Because of Schwartz’s alleged bias, Quatrevaux fired him on Monday — four days before Schwartz was due to assume the job as interim IG. Some observers, including members of the Ethics Review Board, saw the IG's action as vindictive.

Schwartz agreed. “Absolute retaliation. Pure retaliation,” he said of his firing.

In fact, it was Quatrevaux himself who told him to scrutinize Van Dyke, Schwartz said. That came after an employee complained in March that Van Dyke had undisclosed and inappropriate relationships with contractors working for the office and had made other missteps, Schwartz said.

“I’m no rogue employee who just decided to go after another employee because I wanted the job,” he said.

Furthermore, he said, it was not the first time Quatrevaux gave him the OK to investigate Van Dyke. In another incident, Schwartz looked into whether Van Dyke had exploited a loophole in civil service rules to grant one of her deputies a permanent promotion. Quatrevaux, presented in April with the results of Schwartz’s investigation on that point, gave Van Dyke a verbal reprimand and said she had had an “ethical lapse,” according to Schwartz’s report.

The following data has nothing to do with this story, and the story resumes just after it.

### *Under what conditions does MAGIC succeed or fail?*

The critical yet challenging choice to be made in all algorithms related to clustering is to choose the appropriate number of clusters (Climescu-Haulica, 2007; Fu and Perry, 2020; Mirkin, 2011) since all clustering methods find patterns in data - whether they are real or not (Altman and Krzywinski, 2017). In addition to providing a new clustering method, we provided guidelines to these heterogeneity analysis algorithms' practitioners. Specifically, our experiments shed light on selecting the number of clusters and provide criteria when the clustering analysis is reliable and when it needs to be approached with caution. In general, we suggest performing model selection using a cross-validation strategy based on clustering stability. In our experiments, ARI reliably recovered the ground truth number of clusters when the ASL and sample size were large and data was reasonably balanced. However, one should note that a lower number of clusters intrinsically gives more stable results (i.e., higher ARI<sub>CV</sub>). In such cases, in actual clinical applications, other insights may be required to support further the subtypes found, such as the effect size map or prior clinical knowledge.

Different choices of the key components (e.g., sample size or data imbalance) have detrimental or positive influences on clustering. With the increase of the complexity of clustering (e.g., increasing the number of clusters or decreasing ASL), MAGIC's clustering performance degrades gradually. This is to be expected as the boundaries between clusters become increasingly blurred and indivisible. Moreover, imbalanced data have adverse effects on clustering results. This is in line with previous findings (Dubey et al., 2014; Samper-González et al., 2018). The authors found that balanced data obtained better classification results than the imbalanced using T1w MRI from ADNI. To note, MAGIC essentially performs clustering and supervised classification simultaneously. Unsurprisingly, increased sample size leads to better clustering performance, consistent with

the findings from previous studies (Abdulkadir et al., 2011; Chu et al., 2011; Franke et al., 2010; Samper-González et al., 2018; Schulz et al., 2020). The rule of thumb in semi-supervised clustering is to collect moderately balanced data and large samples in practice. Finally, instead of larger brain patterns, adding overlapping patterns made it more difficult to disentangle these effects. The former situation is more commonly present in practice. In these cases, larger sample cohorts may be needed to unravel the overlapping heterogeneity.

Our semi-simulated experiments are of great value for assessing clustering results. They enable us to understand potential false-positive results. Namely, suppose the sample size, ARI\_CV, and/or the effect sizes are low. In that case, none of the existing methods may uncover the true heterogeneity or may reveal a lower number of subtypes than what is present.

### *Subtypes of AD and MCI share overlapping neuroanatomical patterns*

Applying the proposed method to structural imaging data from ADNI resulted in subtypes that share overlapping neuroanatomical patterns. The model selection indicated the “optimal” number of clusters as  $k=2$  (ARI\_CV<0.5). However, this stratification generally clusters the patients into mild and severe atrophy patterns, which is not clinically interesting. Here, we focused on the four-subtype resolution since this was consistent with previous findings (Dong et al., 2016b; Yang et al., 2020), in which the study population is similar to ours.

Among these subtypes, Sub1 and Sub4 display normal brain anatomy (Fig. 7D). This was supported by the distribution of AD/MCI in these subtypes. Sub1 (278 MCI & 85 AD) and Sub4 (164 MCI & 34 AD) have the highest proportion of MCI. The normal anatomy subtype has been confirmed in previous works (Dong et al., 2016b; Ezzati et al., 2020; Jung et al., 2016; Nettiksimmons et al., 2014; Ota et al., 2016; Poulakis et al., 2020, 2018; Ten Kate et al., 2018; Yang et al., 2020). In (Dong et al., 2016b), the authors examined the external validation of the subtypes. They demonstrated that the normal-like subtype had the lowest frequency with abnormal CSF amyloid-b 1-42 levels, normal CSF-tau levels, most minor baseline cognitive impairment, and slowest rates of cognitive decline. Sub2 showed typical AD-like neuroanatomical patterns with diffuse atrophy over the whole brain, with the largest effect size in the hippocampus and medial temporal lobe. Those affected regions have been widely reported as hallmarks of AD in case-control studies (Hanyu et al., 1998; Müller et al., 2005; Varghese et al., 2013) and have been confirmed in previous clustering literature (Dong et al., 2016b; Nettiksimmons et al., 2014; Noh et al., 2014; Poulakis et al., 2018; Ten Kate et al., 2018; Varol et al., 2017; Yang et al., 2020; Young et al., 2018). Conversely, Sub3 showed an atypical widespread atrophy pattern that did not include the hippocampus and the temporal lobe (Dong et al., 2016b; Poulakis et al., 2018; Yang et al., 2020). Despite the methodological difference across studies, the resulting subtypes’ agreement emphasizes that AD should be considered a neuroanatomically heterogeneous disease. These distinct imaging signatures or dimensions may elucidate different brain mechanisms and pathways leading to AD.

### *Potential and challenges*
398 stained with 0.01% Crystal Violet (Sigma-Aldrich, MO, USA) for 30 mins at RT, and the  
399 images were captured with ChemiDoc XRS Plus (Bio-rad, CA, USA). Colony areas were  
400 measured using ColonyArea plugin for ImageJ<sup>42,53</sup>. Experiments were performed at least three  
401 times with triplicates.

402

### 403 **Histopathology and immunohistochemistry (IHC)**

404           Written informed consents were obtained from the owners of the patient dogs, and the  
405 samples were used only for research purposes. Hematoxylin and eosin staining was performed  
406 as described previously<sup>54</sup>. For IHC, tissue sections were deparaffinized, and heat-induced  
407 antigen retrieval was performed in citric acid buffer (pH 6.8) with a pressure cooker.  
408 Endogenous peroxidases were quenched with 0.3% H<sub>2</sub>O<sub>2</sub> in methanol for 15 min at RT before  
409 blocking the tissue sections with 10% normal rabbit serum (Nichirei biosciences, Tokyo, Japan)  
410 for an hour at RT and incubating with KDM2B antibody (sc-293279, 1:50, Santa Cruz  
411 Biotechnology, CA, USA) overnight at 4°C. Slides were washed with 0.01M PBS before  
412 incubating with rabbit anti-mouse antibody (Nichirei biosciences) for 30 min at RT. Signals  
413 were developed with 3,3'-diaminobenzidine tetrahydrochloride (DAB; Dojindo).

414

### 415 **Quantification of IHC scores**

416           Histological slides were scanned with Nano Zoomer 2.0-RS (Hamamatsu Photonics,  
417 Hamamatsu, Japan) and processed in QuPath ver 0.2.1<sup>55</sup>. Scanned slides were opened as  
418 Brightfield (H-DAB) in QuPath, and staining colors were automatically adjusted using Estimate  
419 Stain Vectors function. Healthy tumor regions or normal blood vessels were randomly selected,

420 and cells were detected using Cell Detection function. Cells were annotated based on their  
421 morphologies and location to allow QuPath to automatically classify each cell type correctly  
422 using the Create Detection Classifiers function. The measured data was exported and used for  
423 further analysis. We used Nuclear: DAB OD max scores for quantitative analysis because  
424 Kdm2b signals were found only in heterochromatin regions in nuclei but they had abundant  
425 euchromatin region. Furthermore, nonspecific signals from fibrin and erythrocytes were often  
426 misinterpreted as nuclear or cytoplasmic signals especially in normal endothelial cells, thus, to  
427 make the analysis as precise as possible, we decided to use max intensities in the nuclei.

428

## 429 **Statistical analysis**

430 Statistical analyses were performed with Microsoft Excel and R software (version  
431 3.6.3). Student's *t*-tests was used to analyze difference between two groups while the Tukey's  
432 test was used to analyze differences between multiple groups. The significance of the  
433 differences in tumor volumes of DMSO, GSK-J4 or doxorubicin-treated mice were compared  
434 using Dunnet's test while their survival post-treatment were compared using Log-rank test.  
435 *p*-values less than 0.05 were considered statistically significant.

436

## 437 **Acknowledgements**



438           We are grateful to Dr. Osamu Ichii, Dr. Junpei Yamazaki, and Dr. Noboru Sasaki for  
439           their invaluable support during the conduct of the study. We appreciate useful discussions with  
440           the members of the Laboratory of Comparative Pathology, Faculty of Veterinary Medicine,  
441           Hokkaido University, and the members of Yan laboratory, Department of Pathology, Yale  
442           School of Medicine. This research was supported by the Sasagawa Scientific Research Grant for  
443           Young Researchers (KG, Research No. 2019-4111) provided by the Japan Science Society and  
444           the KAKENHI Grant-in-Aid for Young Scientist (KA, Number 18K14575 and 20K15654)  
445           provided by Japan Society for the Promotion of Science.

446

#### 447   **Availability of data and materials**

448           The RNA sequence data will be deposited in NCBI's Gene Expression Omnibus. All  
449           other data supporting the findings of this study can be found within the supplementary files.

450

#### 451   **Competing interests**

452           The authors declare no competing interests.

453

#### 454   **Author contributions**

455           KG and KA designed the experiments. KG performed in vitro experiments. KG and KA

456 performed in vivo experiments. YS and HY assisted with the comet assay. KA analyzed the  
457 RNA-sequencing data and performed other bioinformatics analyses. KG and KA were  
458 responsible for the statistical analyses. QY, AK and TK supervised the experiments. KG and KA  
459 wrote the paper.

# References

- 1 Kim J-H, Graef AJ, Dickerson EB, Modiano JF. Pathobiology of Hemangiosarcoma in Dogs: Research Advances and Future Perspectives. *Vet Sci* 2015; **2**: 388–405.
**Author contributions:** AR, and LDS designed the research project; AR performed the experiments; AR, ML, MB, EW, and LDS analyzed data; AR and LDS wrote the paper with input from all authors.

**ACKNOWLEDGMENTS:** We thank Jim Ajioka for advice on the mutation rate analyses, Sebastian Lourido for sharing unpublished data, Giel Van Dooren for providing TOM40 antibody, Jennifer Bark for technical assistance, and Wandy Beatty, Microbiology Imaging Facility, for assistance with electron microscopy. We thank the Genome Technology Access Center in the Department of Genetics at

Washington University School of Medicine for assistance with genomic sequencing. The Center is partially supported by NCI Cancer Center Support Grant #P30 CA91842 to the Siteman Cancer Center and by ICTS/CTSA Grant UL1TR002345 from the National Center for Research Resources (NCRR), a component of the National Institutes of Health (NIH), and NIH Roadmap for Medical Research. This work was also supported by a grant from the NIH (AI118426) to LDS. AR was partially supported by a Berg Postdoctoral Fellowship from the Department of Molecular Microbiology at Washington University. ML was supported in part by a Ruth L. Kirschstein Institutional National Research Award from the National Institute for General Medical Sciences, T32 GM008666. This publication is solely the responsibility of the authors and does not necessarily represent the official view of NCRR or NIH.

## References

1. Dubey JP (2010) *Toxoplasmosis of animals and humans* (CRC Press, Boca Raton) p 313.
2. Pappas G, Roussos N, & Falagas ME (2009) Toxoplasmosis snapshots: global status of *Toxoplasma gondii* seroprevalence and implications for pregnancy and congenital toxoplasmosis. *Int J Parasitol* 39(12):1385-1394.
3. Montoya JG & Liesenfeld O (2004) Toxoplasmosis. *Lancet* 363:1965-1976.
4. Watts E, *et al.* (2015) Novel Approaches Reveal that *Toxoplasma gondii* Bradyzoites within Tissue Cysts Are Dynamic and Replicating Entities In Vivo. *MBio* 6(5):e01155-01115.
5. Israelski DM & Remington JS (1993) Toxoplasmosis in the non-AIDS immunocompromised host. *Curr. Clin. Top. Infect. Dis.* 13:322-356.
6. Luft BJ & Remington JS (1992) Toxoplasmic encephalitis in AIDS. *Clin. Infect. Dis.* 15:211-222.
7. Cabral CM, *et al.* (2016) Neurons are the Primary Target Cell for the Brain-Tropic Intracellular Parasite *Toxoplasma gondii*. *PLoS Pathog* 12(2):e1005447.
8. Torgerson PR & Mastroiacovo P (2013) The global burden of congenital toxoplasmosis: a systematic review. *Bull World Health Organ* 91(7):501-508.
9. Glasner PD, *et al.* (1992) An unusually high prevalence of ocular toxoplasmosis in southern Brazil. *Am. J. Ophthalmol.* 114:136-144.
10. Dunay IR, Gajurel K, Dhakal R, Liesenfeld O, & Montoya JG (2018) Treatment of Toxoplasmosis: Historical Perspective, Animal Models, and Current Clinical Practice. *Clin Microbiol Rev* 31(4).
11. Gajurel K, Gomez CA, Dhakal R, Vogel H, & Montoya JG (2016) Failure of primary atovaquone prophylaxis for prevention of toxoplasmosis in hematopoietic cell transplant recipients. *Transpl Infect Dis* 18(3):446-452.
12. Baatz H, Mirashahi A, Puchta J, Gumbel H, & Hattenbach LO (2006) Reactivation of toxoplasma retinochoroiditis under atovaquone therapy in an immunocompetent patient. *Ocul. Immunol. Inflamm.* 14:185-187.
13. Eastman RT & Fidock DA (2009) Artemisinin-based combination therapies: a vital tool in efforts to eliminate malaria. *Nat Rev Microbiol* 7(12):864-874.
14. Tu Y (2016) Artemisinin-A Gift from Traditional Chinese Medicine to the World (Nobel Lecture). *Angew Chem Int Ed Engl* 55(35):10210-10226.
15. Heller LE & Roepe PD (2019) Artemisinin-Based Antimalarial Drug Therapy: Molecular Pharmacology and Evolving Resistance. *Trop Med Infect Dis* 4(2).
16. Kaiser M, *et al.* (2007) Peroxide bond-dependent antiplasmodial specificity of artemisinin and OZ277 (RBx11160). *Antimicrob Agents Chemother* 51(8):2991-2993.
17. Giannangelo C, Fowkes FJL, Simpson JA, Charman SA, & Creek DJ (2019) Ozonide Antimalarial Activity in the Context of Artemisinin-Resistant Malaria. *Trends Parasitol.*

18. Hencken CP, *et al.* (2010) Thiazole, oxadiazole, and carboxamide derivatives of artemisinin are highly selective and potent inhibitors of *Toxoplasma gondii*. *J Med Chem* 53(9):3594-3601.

“That particular investigation was done two weeks before this one, and he never mentioned anything about an impairment or a conflict,” Schwartz said in an interview.

As for the claim that other employees were biased, Schwartz said his report was accompanied by hundreds of pages of emails between Van Dyke and other employees, which he said illustrated the behavior the report alleged. 

A copy of the report obtained by The Advocate in July did not include the report's attachments. Schwartz said it is against OIG policy to release a report while it is still under review, and that he was not the one who leaked it.

Quatrevaux was furious about the report's premature publication, which came as he was fighting to keep his job. He recently announced he would retire.

The messy saga has prompted calls for changes to the rules governing IG successions, the ethics board’s authority and other matters. Schwartz threw in his two cents on that point Friday, calling for a change to the rule that bars public employees from serving as inspectors general unless four years have passed since their last public employment date.

That rule, intended to stop people with close governmental ties from calling the shots in an office meant to hold public entities and officials accountable, also unfortunately prevents current inspectors general in other parishes or within state government from applying for the New Orleans position, Schwartz said.

Schwartz sought to allay the concerns of those who might question his appointment as interim IG, given his role in the current controversy. He said the office, under his leadership, is more than capable of refocusing on the watchdog work it became known for throughout most of Quatrevaux’s tenure.

“We are going to go back to work, and we will take all of the personality out of it, all of the drama out of it, and get back to doing the inspector general’s work,” he said.

“We will get back to the mission, because that is what’s important.”

Follow Jessica Williams on Twitter, @jwilliamsNOLA​.